Why Aren't North American Baptists Calling for Justice at G-8 Meeting?


A British Baptist churchman has an urgent message for G-8 leaders when they begin meeting on Wednesday in Germany.

"As the clock ticks, peoples' lives are lost. The world can't wait: the G8 must deliver on their promises and take decisive action."

 

Stephen Rand, a leader of Wimbledon's Kairos Baptist Church and co-chair of the Jubilee Debt Campaign, told the UK Baptist Times: "Two years ago, world leaders were given a huge global mandate to make poverty history. But they haven't acted urgently enough. Only 22 out of the 40 countries promised debt cancellation have received it, and up to 60 more are not even being considered."

 

The G-8 nations include Canada, France, Germany, Italy, Japan, Russia, the United Kingdom and the United States. Heads of these states  meet June 6-8 in Heiligendamm, Germany.

 

Two groups of German protestors--those committed to non-violence and those who used violence--marched Sunday against the globalization agenda of industrial powers, which have moved too slowly on eliminating poverty and addressing climate change.

 

Associated Press reported that the location for the summit had "a seven-mile-long fence topped with barbed wire" to keep disorderly marchers at bay.

 

In London, BMS World Mission, the oldest Baptist mission society, supported a worship service and prayer walk on Saturday ending at a rally organized under the banner "The World Can't Wait."

 

Thousands of peaceful marchers wore white and blew whistles, signaling that the global community was at the halfway time mark toward its pledge to halve poverty by 2015.

 

BMS has a long history of working for justice causes, including efforts to end the slave trade, oppose colonialism in the 1960s and currently support the Micah Challenge to alleviate global poverty.

 

In a two-part BMS podcast interview with its regional secretary for Africa about the G-8 summit and social justice, Andrew North encouraged British Christians "to look at our own lifestyles" and understand that "everyday decisions we make actually impact the world."

 

North said global aid money to Africa should be focused on local communities, not governments, pointing out that African and G-8 governments that have their own agendas.

 

"Most of the riches … of African are also the places of the most instability, and that is driven by greed, not only by the western world, but also by the African leaders," he said.

 

Noting the voiceless nature of most Africans, North said, "I think one of the huge possibilities of BMS will be to actually start making political noise in this country" on behalf of the poor, questioning the decisions of the British government.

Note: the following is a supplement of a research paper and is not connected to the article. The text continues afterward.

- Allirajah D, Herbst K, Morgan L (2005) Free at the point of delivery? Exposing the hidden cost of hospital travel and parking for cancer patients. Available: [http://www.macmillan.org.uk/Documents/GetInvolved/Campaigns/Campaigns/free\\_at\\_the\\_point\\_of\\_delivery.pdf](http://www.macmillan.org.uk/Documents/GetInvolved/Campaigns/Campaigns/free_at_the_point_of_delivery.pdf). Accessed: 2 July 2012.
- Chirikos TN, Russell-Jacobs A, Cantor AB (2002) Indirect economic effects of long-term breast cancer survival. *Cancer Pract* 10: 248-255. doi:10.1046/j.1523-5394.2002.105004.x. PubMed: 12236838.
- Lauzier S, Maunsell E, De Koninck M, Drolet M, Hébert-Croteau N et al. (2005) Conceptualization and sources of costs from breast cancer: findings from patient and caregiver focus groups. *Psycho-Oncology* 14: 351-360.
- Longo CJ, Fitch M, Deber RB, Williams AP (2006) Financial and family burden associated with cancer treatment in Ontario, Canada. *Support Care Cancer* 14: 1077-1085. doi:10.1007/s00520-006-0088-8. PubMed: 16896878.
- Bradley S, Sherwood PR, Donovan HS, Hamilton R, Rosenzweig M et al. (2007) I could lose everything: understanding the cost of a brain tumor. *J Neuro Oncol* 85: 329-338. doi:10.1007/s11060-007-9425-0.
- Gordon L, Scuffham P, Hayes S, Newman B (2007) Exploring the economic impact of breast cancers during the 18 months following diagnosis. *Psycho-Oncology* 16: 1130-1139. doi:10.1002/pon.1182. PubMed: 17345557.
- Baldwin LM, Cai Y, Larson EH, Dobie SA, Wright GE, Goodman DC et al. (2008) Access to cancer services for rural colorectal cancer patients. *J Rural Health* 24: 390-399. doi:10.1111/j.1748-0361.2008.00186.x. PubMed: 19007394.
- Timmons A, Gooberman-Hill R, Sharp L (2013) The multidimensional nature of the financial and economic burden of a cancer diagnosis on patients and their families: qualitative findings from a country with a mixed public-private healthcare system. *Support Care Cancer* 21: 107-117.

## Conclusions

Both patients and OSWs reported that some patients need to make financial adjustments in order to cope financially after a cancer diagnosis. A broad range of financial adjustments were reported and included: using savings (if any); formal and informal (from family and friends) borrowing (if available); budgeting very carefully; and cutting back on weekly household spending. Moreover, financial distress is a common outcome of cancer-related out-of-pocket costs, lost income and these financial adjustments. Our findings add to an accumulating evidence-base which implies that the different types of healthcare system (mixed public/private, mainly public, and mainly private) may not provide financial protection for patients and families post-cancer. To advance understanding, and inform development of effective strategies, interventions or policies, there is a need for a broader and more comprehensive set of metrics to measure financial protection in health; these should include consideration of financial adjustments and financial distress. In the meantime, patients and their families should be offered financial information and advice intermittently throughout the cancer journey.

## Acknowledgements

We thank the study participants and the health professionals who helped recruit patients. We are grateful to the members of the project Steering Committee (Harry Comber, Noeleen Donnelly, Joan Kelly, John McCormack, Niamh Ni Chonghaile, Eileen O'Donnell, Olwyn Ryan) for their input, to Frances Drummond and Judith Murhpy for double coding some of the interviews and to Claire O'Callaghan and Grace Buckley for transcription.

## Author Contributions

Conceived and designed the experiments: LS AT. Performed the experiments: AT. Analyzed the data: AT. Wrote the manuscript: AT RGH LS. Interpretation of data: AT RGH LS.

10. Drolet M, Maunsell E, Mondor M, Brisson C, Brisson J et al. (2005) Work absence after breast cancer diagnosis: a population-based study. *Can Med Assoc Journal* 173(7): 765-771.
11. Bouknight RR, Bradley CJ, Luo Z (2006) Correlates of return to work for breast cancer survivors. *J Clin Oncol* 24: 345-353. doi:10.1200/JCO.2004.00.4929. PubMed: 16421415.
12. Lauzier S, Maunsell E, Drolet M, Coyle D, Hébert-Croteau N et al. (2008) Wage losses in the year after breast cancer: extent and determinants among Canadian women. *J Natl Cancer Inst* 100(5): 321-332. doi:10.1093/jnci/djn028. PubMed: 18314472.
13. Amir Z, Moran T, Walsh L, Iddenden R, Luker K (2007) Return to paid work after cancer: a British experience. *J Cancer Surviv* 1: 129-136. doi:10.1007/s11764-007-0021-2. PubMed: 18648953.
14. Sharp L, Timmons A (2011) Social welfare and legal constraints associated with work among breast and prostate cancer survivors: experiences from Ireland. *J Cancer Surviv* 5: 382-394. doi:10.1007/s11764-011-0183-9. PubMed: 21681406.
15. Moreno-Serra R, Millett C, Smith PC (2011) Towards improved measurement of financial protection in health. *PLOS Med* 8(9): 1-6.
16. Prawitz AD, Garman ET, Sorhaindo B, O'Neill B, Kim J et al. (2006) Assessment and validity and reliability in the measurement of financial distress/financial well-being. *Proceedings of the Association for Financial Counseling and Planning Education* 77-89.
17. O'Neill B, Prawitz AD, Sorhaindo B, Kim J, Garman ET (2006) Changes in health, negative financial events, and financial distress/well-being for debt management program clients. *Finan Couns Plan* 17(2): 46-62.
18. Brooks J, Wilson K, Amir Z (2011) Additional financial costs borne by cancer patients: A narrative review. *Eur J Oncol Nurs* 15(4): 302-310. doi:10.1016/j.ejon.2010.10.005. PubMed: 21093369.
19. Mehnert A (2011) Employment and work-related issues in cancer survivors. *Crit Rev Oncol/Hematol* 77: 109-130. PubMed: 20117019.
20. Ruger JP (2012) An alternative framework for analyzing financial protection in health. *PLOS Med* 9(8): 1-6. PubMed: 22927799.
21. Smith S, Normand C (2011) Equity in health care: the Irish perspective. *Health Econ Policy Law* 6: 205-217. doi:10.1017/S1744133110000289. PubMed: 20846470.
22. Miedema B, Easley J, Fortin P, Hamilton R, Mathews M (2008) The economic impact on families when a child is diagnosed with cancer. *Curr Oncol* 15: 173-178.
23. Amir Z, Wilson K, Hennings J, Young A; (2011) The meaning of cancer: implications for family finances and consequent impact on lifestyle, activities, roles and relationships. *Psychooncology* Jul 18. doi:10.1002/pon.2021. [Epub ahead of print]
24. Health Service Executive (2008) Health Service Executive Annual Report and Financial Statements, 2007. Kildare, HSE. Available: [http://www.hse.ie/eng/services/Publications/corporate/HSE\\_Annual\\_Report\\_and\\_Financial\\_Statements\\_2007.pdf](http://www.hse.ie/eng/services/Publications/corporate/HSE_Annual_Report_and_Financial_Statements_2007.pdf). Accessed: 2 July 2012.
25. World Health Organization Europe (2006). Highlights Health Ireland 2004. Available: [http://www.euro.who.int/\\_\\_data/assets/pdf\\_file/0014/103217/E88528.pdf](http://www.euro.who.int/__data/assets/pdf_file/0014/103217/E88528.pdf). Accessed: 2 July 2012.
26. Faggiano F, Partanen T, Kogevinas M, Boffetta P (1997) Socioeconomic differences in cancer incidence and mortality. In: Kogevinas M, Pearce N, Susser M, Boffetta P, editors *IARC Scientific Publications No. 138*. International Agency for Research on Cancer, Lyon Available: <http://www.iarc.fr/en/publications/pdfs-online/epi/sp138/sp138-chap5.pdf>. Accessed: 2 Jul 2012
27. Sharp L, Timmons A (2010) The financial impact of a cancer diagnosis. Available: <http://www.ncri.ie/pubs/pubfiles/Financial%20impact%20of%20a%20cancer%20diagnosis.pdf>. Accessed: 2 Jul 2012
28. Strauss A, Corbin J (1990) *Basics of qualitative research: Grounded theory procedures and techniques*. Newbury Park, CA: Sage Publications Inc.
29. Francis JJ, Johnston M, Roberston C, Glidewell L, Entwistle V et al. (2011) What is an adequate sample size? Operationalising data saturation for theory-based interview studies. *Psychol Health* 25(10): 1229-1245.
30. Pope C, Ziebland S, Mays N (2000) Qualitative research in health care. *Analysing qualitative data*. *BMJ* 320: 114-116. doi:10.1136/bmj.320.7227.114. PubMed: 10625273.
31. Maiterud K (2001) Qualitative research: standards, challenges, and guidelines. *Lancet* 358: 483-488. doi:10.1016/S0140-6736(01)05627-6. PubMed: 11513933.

In a special report, Christian Aid, an agency of churches in the United Kingdom and Ireland, said the G-8 largely delivered on its debt cancellation promises but has not keep its promises related to global aid.

 

Unless the G-8 act to stabilize greenhouse gases to limit global warming, Christian Aid said, between 150 million and 550 million more people will suffer from hunger due to droughts and lower crop yields.

 

The G-8 nations, the report said, account for 15 percent of the world's population but contribute 50 percent of the world's greenhouse emissions.

 

Christian Aid also urged G-8 countries to give poor countries more flexibility in running their economies.

 

The Baptist Union of Great Britain, Baptist Union of Scotland and Baptist Union of Wales are all members of Christian Aid.

 

Given the level of involvement for social justice among British Baptists focused on the G-8 summit, one wonders where the voices of North American Baptists for global justice are.

 

Where are the convention and fellowship leaders urging the U.S. and Canadian governments to address meaningfully global warming and poverty?

 

Too many Baptists in the U.S. seem more obsessed with debating private prayer language and worship styles, more concerned about a purpose-driven life, more determined to preserve prevailing tax systems that protect the wealthy, more focused on the political choices of multiple-divorced presidential candidates versus a Mormon one.

 

What did Amos say about religious leaders who talked up religion and neglected justice?

 

"I hate, I despise your feasts, and I take no delight in your solemn assemblies. Even though you offer me your burnt offerings and cereal offerings, I will not accept them …. Take away from me the noise of your songs; to the melody of your harps I will not listen," said the Hebrew prophet Amos, speaking for God. "But let justice roll down like waters and righteousness like an ever-flowing stream" (Amos 5:21-24).

 

"Seek good, and not evil…. Hate evil, and love good, and establish justice in the gate," he said (Amos 5:14-15).

 

The call for justice for the poor and powerless is at the heart of the biblical witness.

 

Some North American Baptists are renewing the pursuit of justice, recalling Amos' cry. Others are planning a justice centered gathering in 2008.

 

Between now and then, the message of a British Baptist sits in judgment on North American Baptists: "As the clock ticks, peoples' lives are lost. The world can't wait."

 

Will goodwill Baptists of North America speak up this week to the president or to the prime minister, supporting real social justice for the marginalized?

 

Robert Parham is executive director of the Baptist Center for Ethics.

 

 

 

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